A plea! If you didn’t see the numerous Tweets and requests to get your talks in early, I cannot emphasize how much it benefits you, more than us. When a talk comes in during the first few weeks, it gives us plenty of time to not only review and ask questions, but to give feedback in the way of suggestions. In some cases, one of the team will break away from the board and work with the submitter to improve their submission. This year, I did that once with someone who’s original two submissions garnered a single yes vote. After working with them and giving feedback on how to combine the talks and hone in on the areas of interest, the re-submission received 12 yes votes and zero no votes. In an ideal world, that would happen for every submission, but a significant number of talks are submitted the last two days.

Meaningless numbers! Because our industry loves to work with statistics that they don’t fully understand or have little meaning without serious caveat and disclaimer (PPT), let me throw out a few. For the 536 submissions we received, the CFP team voted yes 1,223 times, no 3,555 times, maybe 186 times, deferred 945 times, and abstained 54 times. Again, we defer if we feel that a topic is not one we can fairly judge based on our expertise and rely on the rest of the team to review. We abstain when there is a potential conflict of interest: if we work with the submitter, we contributed to the submission, or have a negative personal past with the submitter.

Meaningful numbers! We requested feedback from the submitter 125 times and changed our votes 61 times. Working with us to answer our questions, willingness to accept our feedback, and work with us to build a better presentation benefits everyone. As Nikita tweeted, more than 60 of the accepted talks were from first-time DEF CON speakers. Given there were ~ 110 accepted talks (and 422 rejected), that is quite a lot. It is encouraging to see this many new speakers given some of the past submissions from egotistical industry veterans that felt they deserved a speaking slot on the back of a weak submission, simply because of “do you know who I am?!”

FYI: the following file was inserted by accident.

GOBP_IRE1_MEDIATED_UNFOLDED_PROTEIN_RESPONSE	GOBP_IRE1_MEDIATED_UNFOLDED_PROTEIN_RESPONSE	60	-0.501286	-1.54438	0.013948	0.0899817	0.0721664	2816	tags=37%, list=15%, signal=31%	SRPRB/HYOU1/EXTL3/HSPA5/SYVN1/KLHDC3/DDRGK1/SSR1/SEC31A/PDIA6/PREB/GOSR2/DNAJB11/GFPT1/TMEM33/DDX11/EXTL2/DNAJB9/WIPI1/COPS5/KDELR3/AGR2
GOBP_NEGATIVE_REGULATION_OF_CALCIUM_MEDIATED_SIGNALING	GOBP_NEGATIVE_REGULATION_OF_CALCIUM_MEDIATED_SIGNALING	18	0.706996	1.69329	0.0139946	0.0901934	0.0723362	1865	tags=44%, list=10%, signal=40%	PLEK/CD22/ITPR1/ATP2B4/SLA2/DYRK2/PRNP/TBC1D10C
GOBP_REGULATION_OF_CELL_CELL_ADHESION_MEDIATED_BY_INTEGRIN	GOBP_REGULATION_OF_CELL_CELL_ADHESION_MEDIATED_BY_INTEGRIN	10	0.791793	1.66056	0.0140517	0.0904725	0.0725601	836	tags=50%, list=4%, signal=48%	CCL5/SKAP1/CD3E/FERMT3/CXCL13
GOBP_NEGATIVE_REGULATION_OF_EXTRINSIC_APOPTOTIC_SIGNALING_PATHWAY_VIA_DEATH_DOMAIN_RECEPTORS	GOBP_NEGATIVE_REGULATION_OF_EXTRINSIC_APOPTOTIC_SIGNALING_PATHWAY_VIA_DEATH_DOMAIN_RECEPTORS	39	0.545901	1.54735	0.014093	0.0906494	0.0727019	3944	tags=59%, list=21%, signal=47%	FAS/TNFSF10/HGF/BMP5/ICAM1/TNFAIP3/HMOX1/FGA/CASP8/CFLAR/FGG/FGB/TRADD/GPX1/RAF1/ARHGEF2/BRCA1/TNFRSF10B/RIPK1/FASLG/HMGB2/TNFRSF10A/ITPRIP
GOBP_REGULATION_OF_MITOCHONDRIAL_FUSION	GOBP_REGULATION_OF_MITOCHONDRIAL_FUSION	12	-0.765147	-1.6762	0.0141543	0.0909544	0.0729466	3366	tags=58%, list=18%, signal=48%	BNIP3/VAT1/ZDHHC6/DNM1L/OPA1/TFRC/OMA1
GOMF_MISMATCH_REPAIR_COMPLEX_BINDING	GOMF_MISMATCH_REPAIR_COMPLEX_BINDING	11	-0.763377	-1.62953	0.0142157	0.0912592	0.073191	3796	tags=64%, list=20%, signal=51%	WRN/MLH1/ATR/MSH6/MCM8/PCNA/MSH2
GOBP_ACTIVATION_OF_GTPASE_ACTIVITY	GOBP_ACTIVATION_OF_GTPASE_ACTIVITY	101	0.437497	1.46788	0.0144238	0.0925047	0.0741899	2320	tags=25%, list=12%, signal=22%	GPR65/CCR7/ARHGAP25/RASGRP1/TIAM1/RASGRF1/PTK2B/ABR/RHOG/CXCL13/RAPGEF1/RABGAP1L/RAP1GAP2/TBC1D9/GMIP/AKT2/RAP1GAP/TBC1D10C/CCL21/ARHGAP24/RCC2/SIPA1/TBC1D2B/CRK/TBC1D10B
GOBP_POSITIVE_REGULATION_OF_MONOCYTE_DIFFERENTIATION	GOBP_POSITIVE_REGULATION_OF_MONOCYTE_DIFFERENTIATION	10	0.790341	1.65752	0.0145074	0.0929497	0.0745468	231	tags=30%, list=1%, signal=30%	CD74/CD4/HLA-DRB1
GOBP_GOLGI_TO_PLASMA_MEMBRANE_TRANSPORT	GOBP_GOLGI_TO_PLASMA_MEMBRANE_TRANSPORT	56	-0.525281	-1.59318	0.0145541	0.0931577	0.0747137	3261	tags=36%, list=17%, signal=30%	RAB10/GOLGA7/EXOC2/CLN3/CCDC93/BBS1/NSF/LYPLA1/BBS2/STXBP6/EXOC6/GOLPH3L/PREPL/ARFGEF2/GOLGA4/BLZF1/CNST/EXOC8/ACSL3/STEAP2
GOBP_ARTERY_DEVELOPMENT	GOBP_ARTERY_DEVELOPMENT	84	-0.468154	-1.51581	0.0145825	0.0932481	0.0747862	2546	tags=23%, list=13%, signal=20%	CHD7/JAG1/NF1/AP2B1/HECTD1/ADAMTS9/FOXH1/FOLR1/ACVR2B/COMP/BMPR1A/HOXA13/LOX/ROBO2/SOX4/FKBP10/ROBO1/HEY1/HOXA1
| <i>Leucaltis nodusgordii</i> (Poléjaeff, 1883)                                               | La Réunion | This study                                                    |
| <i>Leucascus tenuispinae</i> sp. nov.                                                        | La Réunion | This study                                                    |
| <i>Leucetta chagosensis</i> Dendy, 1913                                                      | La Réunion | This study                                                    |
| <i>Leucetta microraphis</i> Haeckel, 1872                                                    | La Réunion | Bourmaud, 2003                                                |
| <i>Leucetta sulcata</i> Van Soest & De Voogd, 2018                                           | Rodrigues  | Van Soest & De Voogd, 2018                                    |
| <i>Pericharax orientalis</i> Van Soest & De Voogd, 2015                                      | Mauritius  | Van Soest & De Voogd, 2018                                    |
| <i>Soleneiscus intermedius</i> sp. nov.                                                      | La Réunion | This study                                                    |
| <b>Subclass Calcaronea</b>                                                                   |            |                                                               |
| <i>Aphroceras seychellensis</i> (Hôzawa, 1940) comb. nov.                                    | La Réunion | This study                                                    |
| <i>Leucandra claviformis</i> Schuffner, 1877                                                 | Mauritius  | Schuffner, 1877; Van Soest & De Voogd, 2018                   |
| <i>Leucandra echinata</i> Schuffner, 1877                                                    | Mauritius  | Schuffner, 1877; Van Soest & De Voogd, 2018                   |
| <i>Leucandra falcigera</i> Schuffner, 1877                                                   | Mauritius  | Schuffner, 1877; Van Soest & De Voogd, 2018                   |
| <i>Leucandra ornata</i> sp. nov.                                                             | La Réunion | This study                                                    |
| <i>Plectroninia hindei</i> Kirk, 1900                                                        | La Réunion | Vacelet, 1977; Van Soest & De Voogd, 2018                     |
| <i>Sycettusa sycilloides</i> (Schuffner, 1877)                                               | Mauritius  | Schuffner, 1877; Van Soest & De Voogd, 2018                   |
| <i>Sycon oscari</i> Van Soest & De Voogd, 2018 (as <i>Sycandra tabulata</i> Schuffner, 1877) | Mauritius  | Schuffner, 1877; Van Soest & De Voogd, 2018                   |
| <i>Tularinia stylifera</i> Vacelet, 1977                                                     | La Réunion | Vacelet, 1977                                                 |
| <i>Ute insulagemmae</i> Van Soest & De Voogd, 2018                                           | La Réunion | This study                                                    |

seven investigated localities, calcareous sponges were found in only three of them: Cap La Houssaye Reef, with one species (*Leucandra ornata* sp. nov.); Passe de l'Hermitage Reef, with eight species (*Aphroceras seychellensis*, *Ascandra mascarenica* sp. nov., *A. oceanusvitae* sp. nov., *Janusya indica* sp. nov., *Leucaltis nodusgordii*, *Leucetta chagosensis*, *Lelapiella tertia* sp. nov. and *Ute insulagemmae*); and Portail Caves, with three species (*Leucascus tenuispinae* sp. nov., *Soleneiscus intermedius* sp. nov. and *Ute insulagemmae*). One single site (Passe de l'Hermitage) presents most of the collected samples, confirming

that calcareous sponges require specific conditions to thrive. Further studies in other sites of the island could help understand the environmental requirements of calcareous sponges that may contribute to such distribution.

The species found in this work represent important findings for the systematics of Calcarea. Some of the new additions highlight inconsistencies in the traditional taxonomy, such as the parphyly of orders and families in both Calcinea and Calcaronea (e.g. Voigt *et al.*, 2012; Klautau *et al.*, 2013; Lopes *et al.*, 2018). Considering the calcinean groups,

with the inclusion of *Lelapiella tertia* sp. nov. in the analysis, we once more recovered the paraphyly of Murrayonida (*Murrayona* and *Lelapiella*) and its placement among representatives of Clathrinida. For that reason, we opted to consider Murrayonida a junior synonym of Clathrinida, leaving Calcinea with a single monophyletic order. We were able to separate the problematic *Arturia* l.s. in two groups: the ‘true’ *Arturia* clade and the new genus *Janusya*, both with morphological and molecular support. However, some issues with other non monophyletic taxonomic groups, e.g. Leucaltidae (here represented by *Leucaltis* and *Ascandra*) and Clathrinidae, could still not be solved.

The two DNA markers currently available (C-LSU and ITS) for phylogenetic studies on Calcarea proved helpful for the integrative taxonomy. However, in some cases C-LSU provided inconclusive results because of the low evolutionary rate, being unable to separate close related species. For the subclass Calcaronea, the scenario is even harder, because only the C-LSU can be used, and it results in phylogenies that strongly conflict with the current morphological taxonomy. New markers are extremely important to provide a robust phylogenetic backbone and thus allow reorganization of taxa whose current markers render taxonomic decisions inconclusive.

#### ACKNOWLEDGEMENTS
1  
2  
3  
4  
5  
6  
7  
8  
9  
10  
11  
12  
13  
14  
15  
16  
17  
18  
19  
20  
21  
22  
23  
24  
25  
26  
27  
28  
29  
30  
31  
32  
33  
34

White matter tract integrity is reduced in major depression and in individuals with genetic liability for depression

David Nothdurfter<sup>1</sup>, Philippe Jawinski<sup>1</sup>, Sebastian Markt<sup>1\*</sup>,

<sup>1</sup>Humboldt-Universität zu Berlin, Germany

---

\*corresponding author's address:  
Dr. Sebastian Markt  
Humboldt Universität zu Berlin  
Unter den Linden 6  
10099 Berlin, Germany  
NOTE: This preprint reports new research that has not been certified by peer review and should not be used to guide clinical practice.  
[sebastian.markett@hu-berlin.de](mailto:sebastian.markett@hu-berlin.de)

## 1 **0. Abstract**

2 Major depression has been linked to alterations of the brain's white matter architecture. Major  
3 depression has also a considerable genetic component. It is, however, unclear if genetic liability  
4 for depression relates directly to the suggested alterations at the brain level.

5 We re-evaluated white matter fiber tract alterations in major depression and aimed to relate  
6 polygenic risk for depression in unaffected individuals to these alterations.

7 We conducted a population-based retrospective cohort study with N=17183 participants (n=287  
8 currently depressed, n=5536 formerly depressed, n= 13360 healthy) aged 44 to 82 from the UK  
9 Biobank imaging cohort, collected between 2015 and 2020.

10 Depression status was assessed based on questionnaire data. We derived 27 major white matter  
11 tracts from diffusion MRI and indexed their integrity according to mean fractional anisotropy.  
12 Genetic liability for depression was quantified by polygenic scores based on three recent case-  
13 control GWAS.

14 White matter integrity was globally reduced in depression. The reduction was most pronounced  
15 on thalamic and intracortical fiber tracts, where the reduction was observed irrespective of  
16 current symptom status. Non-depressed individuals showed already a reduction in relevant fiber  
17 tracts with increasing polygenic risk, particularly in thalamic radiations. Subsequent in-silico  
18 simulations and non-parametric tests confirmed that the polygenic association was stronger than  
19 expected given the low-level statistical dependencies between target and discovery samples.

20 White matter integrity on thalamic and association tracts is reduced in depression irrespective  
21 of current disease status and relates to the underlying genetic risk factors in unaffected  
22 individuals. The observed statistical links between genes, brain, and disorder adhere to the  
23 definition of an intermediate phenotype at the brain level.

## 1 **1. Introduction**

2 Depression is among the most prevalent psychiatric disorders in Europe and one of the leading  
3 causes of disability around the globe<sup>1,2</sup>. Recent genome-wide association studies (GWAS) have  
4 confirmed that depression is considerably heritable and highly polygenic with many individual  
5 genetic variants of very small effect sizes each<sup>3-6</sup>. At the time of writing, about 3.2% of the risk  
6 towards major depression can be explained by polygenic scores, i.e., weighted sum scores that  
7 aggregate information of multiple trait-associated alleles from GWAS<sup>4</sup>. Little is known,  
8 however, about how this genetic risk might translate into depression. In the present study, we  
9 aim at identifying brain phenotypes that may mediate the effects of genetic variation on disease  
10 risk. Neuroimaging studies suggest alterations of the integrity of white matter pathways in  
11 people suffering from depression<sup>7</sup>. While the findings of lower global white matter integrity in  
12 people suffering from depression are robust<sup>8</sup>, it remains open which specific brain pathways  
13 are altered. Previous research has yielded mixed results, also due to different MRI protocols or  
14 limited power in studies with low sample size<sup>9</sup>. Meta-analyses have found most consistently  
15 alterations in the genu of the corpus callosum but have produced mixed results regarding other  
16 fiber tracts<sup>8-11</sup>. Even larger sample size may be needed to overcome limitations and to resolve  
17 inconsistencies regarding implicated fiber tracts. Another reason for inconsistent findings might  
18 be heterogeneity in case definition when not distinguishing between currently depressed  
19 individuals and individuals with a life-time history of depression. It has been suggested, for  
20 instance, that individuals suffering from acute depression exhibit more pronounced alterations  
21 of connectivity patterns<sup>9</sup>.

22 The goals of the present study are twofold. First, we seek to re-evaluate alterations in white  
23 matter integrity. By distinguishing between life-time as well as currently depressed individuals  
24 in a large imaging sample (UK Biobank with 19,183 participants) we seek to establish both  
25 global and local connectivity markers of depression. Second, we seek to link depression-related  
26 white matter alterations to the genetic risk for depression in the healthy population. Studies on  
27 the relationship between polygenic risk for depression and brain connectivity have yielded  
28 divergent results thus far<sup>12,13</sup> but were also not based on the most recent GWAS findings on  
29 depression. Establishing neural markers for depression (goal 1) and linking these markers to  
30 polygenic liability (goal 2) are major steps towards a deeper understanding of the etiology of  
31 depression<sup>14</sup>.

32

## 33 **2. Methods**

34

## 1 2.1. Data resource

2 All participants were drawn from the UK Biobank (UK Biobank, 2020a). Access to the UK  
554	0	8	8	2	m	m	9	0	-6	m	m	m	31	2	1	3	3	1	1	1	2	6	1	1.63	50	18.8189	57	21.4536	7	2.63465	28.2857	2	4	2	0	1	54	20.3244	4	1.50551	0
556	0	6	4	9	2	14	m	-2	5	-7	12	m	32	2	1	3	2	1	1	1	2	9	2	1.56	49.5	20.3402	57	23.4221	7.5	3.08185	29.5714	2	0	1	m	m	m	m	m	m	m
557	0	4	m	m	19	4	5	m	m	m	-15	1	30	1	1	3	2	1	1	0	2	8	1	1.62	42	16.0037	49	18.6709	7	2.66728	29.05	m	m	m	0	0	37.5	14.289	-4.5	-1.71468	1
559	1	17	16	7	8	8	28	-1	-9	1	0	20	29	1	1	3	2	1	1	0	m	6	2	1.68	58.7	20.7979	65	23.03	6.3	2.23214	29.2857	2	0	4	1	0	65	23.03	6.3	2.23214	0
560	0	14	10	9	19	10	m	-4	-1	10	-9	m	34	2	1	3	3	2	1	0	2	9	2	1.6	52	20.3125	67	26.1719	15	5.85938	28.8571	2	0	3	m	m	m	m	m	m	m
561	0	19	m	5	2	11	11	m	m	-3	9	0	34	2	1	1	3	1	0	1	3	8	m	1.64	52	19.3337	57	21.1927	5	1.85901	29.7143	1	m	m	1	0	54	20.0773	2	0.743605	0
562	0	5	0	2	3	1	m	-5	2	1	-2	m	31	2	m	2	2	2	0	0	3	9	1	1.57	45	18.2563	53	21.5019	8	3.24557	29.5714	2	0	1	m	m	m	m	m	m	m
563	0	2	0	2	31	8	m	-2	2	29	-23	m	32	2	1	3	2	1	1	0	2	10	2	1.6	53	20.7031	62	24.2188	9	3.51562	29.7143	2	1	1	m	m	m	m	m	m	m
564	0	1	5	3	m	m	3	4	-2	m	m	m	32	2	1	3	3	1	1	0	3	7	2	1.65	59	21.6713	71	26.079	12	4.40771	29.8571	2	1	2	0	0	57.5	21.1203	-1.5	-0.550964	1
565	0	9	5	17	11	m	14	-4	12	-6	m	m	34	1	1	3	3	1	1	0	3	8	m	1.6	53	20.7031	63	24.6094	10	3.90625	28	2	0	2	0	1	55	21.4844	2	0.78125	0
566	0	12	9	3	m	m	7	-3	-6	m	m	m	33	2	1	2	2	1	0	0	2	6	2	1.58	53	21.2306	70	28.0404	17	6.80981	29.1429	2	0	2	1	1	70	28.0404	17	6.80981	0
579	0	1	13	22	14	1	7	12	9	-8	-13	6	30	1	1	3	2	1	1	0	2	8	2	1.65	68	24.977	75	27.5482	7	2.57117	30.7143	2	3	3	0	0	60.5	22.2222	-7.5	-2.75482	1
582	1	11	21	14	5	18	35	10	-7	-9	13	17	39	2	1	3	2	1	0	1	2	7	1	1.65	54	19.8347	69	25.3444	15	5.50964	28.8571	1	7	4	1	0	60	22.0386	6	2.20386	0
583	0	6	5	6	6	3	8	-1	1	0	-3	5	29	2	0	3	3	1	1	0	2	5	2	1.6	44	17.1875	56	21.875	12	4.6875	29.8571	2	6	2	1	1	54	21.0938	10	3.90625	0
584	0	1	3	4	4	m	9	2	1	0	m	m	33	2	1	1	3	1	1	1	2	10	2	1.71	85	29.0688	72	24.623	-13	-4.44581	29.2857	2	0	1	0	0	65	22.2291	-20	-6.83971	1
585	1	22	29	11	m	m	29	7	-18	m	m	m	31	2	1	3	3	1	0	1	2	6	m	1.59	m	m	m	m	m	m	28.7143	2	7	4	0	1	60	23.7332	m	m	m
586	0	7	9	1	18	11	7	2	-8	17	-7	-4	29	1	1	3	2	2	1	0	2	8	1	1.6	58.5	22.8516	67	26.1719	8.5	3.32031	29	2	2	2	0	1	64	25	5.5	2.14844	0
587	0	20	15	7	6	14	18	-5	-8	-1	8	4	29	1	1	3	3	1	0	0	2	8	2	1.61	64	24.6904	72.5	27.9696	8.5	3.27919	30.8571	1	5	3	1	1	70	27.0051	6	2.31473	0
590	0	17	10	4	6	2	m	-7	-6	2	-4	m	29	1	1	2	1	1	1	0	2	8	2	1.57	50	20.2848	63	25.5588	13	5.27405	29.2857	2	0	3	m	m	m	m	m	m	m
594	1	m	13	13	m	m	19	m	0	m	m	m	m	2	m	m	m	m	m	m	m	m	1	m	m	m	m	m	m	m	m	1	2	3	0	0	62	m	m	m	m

More meaningful numbers! Of the 536 submissions, 185 (34.77%) said they would release a new tool. Only 56 (10.53%) of those submissions said they would release a new exploit, and some of those claims were questionable. It is common for people submitting to DEF CON to also submit to BlackHat and/or BSidesLV. This year, 218 (40.98%) of those submissions were also submitted to BlackHat and 65 (12.22%) of them were also submitted to BSidesLV. For various reasons, often around the ability to get to Las Vegas, some submitting to BlackHat will submit to DEF CON but say that acceptable at DEF CON is contingent upon acceptance at BlackHat. This year, 36 (6.77%) talks were submitted to us with that caveat. In a somewhat arbitrary categorization, overall I felt that 200 (37.31%) of the talks were ‘red’ (offensive), 88 (16.41%) were ‘blue’ (defensive), and 38 (7.09%) were ‘black’. By ‘black’, I mean that the topic really had little merit or benefit for red-teaming and were really in the realm of criminals.

Even more meaningful numbers! Some of the most basic stats that can be generated for your ocular pleasure. First, these are arbitrary categories that were developed as we received submissions. Nothing formal and some talks were hard to classify:

From there, I broke it down further by some topics that aren’t necessarily specific to the red or blue domain. Again, kind of arbitrary and based on seeing the submissions as they came in and note that one talk may have been flagged as more than one topic:

When building a schedule over four days and across five tracks, while considering if it is better to suggest a talk for a village or alternative venue (e.g. Skytalks), Nikita has to play Tetris of sorts based on the accepted talks, the requested time, and the schedule. This is what she had to work with: